Want to know where Pala Eyewear sits and what they’re working on in terms of these 5 values? Hover over these values to find out.

Behind the Brand

“A pair of spectacles is recognised as the number one most effective tool to fight poverty; it empowers the wearer by enabling them to read, learn and work. Simple, yet so very so effective. It was therefore a natural decision to create an eyewear brand that provided the vehicle for delivering that change”.

John Pritchard

What does a better tomorrow look like to you?

A better tomorrow would be a world where there is a collective attitude of respect for the planet. If that can be achieved, it will have meant a considerable switch in behaviour change and habits, giving us hope that we can pass on our stewardship to the generations beyond with it in a far healthier state than is present.

One book and documentary everyone should read/watch? Why?


Book: The Green Grocer, by Richard Walker of Iceland Foods.
Documentary: 2040 – Gives you hope.

What made you start Pala?


10% of the world’s population are unable to access eyecare and Africa has 73% more blind and visually impaired people than any other region. Pala was set up to provide a solution to a problem by funding eyecare in Africa.

How do you cut through the noise and greenwashing / social-washing at Pala?

You simply must be authentic – an open book. Talk about the things you’re doing well and the things you aren’t doing so well and looking to improve. People will respect the transparency and support your journey to improve.

What has been your proudest moment so far at Pala?

Refurbishment and equipping of a vision centre in Chinsali, Zambia in 2017, a country which at the time had only 15 qualified optometrists for the country. That centre has now seen more than 11,000 patients walk through it’s doors.

What would people find surprising about your story?


Pala started with identifying a cause and then retrofitting a product to leverage that cause. Eyewear felt the natural product, and so we had to start very much from scratch!

Best way to recharge?


I jump on my paddleboard and point out to the deep ocean. I love the stillness and almost meditative experience of simply sitting on my board with just the rolling swell and a few chattering seagulls for company.

Favourite saying / quote you remind yourself of?


A very common one, so apologies for being boring, but ‘Be the change you wish to see in the world’. If we all made small positive changes, the collective impact could be massive.

Where do you envision Pala in the future?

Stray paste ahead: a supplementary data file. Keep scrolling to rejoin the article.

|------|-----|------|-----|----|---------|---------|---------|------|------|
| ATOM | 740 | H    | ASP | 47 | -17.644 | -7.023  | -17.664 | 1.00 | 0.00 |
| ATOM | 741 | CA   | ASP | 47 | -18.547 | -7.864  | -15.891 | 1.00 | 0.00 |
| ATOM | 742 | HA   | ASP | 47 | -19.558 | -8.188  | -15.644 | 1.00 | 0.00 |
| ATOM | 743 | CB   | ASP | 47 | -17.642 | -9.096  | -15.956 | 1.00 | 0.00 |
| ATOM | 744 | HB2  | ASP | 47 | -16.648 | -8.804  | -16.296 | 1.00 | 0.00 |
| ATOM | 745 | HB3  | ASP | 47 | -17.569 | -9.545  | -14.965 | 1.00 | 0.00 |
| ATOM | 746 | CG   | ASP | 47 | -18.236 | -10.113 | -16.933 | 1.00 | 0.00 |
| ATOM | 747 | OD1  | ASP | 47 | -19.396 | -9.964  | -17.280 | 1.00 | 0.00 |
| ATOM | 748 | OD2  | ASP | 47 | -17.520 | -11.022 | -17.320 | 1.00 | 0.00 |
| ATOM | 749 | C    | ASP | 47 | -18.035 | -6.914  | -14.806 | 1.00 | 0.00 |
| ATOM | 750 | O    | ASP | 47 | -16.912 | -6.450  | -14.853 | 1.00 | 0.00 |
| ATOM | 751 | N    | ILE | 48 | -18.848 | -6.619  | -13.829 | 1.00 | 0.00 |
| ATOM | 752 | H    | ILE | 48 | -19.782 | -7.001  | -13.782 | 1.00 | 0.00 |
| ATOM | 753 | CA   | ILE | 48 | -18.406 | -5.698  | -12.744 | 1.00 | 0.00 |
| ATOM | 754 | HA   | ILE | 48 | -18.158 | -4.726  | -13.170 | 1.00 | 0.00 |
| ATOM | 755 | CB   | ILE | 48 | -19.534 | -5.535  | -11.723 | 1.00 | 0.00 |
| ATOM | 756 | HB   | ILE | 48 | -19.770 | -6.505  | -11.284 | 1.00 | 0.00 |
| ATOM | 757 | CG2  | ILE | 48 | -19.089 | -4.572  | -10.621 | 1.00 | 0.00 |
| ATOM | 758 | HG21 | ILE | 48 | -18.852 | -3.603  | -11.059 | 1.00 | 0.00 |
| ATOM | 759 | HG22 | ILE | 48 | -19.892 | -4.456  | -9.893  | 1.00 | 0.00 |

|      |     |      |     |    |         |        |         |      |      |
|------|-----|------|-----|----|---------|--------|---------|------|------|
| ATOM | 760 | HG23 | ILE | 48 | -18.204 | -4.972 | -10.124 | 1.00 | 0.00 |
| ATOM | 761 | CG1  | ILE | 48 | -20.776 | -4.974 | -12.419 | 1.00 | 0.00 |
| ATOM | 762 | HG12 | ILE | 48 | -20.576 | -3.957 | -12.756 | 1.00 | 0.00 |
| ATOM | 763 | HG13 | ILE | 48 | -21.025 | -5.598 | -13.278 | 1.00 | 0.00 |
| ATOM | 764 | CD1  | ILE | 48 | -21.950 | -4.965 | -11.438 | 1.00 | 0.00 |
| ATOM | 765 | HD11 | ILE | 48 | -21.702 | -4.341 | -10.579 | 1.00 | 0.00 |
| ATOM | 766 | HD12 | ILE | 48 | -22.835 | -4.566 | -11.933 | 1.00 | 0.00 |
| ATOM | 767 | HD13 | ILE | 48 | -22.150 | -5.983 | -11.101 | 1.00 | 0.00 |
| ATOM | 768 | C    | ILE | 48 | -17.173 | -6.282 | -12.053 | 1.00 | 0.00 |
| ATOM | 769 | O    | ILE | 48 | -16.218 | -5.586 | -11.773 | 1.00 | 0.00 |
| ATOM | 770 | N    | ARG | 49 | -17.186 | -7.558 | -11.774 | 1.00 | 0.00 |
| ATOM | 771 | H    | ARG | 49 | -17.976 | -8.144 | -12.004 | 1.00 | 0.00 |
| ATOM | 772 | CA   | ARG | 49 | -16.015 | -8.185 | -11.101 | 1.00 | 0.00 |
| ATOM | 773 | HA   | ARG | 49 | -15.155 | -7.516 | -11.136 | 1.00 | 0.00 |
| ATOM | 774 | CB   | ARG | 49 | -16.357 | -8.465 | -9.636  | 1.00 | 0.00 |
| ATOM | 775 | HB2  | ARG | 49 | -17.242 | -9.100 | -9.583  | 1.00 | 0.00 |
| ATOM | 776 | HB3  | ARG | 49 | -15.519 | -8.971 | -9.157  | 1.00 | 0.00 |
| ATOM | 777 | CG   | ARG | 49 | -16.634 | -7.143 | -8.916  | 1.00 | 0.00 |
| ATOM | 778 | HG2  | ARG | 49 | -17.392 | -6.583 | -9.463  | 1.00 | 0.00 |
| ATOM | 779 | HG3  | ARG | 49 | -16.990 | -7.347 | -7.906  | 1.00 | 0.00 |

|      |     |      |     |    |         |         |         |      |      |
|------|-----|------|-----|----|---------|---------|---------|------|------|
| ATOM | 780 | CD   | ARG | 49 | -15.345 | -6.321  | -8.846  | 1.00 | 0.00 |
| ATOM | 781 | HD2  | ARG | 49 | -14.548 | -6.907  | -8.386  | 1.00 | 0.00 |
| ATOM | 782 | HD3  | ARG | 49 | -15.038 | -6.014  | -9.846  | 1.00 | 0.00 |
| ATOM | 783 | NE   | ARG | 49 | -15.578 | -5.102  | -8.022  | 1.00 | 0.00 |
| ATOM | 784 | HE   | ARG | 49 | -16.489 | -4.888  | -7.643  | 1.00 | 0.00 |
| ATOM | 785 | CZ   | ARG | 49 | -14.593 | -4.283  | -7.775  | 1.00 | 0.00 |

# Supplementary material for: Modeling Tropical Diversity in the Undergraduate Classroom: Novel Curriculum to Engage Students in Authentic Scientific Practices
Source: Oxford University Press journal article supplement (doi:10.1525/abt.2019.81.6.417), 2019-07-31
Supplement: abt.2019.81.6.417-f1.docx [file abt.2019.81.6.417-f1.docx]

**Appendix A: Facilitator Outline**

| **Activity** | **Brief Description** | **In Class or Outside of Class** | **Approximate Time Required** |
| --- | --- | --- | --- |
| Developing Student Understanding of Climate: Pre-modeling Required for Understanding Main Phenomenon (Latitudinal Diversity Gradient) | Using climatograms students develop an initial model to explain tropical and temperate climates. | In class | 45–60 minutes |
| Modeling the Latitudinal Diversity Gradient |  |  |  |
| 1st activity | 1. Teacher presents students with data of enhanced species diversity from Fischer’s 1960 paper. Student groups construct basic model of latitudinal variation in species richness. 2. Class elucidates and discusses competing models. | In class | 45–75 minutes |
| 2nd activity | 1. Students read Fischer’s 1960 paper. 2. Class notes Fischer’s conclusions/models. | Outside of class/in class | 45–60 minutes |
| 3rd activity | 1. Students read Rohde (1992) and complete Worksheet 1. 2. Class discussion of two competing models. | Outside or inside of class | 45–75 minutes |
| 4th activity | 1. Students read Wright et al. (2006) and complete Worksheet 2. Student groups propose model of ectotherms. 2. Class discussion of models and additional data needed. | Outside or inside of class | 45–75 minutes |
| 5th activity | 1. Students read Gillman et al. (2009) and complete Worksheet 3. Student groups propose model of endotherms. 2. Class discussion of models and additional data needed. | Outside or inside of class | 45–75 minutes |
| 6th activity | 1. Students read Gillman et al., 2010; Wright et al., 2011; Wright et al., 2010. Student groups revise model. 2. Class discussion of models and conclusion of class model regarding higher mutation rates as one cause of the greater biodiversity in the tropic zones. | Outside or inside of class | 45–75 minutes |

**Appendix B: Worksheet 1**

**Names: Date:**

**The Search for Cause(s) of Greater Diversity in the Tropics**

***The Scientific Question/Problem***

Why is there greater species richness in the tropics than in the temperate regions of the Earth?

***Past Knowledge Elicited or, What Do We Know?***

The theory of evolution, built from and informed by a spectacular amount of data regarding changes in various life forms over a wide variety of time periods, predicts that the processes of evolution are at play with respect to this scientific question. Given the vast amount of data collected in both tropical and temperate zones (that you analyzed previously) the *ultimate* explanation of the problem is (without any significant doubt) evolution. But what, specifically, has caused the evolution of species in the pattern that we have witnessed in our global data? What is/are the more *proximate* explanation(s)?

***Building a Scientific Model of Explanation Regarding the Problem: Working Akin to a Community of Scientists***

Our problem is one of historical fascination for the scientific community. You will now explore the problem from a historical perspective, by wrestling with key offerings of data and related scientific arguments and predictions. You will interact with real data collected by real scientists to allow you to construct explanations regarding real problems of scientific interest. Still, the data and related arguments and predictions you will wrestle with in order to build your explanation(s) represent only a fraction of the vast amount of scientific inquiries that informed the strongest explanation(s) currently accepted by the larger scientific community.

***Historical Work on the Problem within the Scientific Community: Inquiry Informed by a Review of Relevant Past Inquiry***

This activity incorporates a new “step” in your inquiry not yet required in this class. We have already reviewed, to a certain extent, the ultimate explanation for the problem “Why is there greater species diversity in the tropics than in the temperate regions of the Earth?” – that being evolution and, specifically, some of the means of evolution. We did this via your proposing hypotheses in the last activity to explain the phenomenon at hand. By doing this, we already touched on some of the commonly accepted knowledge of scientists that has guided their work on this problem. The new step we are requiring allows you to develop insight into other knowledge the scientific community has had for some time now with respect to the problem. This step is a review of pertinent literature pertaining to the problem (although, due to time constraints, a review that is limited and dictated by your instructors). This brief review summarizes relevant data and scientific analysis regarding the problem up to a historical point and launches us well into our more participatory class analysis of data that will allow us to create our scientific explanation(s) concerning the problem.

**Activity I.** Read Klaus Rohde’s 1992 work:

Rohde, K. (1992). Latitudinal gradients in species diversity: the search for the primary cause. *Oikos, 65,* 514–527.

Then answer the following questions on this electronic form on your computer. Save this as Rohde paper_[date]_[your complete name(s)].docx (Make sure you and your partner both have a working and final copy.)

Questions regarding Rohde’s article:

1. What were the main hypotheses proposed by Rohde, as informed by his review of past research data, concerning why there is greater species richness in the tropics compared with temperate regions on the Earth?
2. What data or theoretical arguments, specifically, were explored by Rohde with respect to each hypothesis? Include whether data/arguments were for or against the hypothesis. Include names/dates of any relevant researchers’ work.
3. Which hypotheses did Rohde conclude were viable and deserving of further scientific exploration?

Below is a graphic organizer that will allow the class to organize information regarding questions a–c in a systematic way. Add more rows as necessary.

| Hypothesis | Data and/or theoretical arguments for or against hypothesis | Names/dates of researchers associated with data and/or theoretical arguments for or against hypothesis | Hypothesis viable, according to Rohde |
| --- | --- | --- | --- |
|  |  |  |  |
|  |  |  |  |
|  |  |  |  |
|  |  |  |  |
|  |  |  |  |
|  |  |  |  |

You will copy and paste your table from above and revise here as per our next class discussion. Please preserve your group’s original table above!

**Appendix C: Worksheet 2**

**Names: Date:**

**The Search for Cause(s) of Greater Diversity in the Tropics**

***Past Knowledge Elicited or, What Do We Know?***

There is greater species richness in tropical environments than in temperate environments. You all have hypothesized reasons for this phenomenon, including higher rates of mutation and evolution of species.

If you look at the 17 Global Sustainable Development Goals set by the United Nations, you can broadly summarise that their aim is to end poverty, protect the planet and ensure that all people enjoy peace and prosperity. Pala’s priorities are aligned with these goals and I want us to continue to challenge ourselves to do more in this space.

Our focus (pardon the pun) is on sunglasses for now, but we will be launching a capsule range of optical frames in the UK next year. It feels a natural step for the business to take and we’re looking forward to this new challenge.

What or who inspires you to do what you do on a daily basis?


I am inspired by all those independent brands out there that have set out with that same purpose of creating change for good in the world. It’s not easy starting up a fashion business and I still think there is a way to go before we see consumers in their volumes, gravitate towards sustainable products. So, I give huge kudos to those ‘Ethical Entrepreneurs’ who are driven by their passion, who are innovating and challenging the norms. It takes a lot of hard work and sacrifice.

What’s your favourite brand on EME and why?

Outland Denim. I have known this brand for some time and I just love the way that James and his team have built the brand and the ethics on which it stands.

What’s your suggested first step for someone wanting to shop more ethically?

Yes, it is often more expensive to shop ethically, for good reason. However, if you apply the ‘buy better, buy less’ mantra too, then you should find the financial commitment less of a challenge over time.

What’s your pet peeve about ethical fashion?

That there is so much greenwashing going around right now that it is diluting the stories of the inspiring small Indie brands, such as on EME who have been doing it right from the start.

Want to support small brands in creating a better world?
Shop Pala.